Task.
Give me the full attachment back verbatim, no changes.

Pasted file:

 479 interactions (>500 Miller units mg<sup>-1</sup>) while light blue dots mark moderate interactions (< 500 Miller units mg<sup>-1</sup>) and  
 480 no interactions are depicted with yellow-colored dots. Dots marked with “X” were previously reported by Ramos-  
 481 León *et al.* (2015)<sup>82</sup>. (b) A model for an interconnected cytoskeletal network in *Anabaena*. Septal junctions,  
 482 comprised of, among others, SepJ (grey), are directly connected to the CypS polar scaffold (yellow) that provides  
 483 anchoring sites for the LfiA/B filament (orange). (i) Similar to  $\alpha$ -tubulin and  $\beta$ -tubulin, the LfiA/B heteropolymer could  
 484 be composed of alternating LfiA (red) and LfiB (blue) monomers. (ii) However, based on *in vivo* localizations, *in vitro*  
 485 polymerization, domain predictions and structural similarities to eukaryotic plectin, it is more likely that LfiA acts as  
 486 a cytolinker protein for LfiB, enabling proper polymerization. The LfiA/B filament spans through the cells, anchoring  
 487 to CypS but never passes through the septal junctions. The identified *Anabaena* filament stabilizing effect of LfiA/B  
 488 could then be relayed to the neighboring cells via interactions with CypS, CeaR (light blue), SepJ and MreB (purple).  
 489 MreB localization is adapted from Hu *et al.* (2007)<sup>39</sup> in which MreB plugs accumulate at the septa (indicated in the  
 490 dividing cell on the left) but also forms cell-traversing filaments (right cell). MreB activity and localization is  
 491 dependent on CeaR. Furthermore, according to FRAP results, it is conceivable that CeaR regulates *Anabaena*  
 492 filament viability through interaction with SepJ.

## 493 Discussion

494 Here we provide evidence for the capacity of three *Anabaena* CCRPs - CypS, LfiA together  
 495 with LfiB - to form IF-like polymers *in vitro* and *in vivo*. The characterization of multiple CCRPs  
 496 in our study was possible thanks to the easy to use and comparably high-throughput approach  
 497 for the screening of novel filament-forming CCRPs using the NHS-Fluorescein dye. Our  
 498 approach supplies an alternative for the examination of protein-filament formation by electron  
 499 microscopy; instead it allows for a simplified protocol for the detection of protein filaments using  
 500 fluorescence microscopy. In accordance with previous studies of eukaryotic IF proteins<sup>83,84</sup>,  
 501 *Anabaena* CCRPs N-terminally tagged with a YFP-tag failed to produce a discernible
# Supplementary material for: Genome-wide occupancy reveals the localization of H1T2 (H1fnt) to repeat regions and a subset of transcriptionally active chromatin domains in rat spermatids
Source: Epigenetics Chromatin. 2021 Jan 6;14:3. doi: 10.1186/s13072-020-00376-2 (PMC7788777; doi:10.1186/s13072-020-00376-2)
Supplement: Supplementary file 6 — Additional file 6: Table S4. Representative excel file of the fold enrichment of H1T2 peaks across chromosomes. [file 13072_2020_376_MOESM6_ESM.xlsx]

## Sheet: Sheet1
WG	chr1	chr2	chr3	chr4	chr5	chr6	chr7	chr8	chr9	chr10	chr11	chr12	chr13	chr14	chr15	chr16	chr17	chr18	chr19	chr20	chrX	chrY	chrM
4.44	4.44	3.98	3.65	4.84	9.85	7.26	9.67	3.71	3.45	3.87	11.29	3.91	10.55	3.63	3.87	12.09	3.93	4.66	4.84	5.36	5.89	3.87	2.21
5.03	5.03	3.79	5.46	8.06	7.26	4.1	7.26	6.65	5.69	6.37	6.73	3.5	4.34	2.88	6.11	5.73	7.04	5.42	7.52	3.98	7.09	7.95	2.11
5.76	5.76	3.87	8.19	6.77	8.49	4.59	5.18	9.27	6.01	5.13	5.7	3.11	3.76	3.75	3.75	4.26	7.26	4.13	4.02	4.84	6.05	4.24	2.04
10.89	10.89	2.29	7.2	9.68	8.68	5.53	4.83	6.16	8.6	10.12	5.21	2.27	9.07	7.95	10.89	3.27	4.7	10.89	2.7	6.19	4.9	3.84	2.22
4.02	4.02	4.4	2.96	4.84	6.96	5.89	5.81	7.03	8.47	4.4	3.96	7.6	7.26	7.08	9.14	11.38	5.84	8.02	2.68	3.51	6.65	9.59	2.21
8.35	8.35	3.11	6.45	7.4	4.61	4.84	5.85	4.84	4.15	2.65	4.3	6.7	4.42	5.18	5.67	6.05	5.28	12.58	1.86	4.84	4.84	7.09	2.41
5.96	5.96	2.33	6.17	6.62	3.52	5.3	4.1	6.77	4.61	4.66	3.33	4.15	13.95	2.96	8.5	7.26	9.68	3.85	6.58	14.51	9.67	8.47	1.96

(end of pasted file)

 479 interactions (>500 Miller units mg<sup>-1</sup>) while light blue dots mark moderate interactions (< 500 Miller units mg<sup>-1</sup>) and  
 480 no interactions are depicted with yellow-colored dots. Dots marked with “X” were previously reported by Ramos-  
 481 León *et al.* (2015)<sup>82</sup>. (b) A model for an interconnected cytoskeletal network in *Anabaena*. Septal junctions,  
 482 comprised of, among others, SepJ (grey), are directly connected to the CypS polar scaffold (yellow) that provides  
 483 anchoring sites for the LfiA/B filament (orange). (i) Similar to  $\alpha$ -tubulin and  $\beta$ -tubulin, the LfiA/B heteropolymer could  
 484 be composed of alternating LfiA (red) and LfiB (blue) monomers. (ii) However, based on *in vivo* localizations, *in vitro*  
 485 polymerization, domain predictions and structural similarities to eukaryotic plectin, it is more likely that LfiA acts as  
 486 a cytolinker protein for LfiB, enabling proper polymerization. The LfiA/B filament spans through the cells, anchoring  
 487 to CypS but never passes through the septal junctions. The identified *Anabaena* filament stabilizing effect of LfiA/B  
 488 could then be relayed to the neighboring cells via interactions with CypS, CeaR (light blue), SepJ and MreB (purple).  
 489 MreB localization is adapted from Hu *et al.* (2007)<sup>39</sup> in which MreB plugs accumulate at the septa (indicated in the  
 490 dividing cell on the left) but also forms cell-traversing filaments (right cell). MreB activity and localization is  
 491 dependent on CeaR. Furthermore, according to FRAP results, it is conceivable that CeaR regulates *Anabaena*  
 492 filament viability through interaction with SepJ.

## 493 Discussion

494 Here we provide evidence for the capacity of three *Anabaena* CCRPs - CypS, LfiA together  
 495 with LfiB - to form IF-like polymers *in vitro* and *in vivo*. The characterization of multiple CCRPs  
 496 in our study was possible thanks to the easy to use and comparably high-throughput approach  
 497 for the screening of novel filament-forming CCRPs using the NHS-Fluorescein dye. Our  
 498 approach supplies an alternative for the examination of protein-filament formation by electron  
 499 microscopy; instead it allows for a simplified protocol for the detection of protein filaments using  
 500 fluorescence microscopy. In accordance with previous studies of eukaryotic IF proteins<sup>83,84</sup>,  
 501 *Anabaena* CCRPs N-terminally tagged with a YFP-tag failed to produce a discernible
# Supplementary material for: Genome-wide occupancy reveals the localization of H1T2 (H1fnt) to repeat regions and a subset of transcriptionally active chromatin domains in rat spermatids
Source: Epigenetics Chromatin. 2021 Jan 6;14:3. doi: 10.1186/s13072-020-00376-2 (PMC7788777; doi:10.1186/s13072-020-00376-2)
Supplement: Supplementary file 6 — Additional file 6: Table S4. Representative excel file of the fold enrichment of H1T2 peaks across chromosomes. [file 13072_2020_376_MOESM6_ESM.xlsx]

## Sheet: Sheet1
WG	chr1	chr2	chr3	chr4	chr5	chr6	chr7	chr8	chr9	chr10	chr11	chr12	chr13	chr14	chr15	chr16	chr17	chr18	chr19	chr20	chrX	chrY	chrM
4.44	4.44	3.98	3.65	4.84	9.85	7.26	9.67	3.71	3.45	3.87	11.29	3.91	10.55	3.63	3.87	12.09	3.93	4.66	4.84	5.36	5.89	3.87	2.21
5.03	5.03	3.79	5.46	8.06	7.26	4.1	7.26	6.65	5.69	6.37	6.73	3.5	4.34	2.88	6.11	5.73	7.04	5.42	7.52	3.98	7.09	7.95	2.11
5.76	5.76	3.87	8.19	6.77	8.49	4.59	5.18	9.27	6.01	5.13	5.7	3.11	3.76	3.75	3.75	4.26	7.26	4.13	4.02	4.84	6.05	4.24	2.04
10.89	10.89	2.29	7.2	9.68	8.68	5.53	4.83	6.16	8.6	10.12	5.21	2.27	9.07	7.95	10.89	3.27	4.7	10.89	2.7	6.19	4.9	3.84	2.22
4.02	4.02	4.4	2.96	4.84	6.96	5.89	5.81	7.03	8.47	4.4	3.96	7.6	7.26	7.08	9.14	11.38	5.84	8.02	2.68	3.51	6.65	9.59	2.21
8.35	8.35	3.11	6.45	7.4	4.61	4.84	5.85	4.84	4.15	2.65	4.3	6.7	4.42	5.18	5.67	6.05	5.28	12.58	1.86	4.84	4.84	7.09	2.41
5.96	5.96	2.33	6.17	6.62	3.52	5.3	4.1	6.77	4.61	4.66	3.33	4.15	13.95	2.96	8.5	7.26	9.68	3.85	6.58	14.51	9.67	8.47	1.96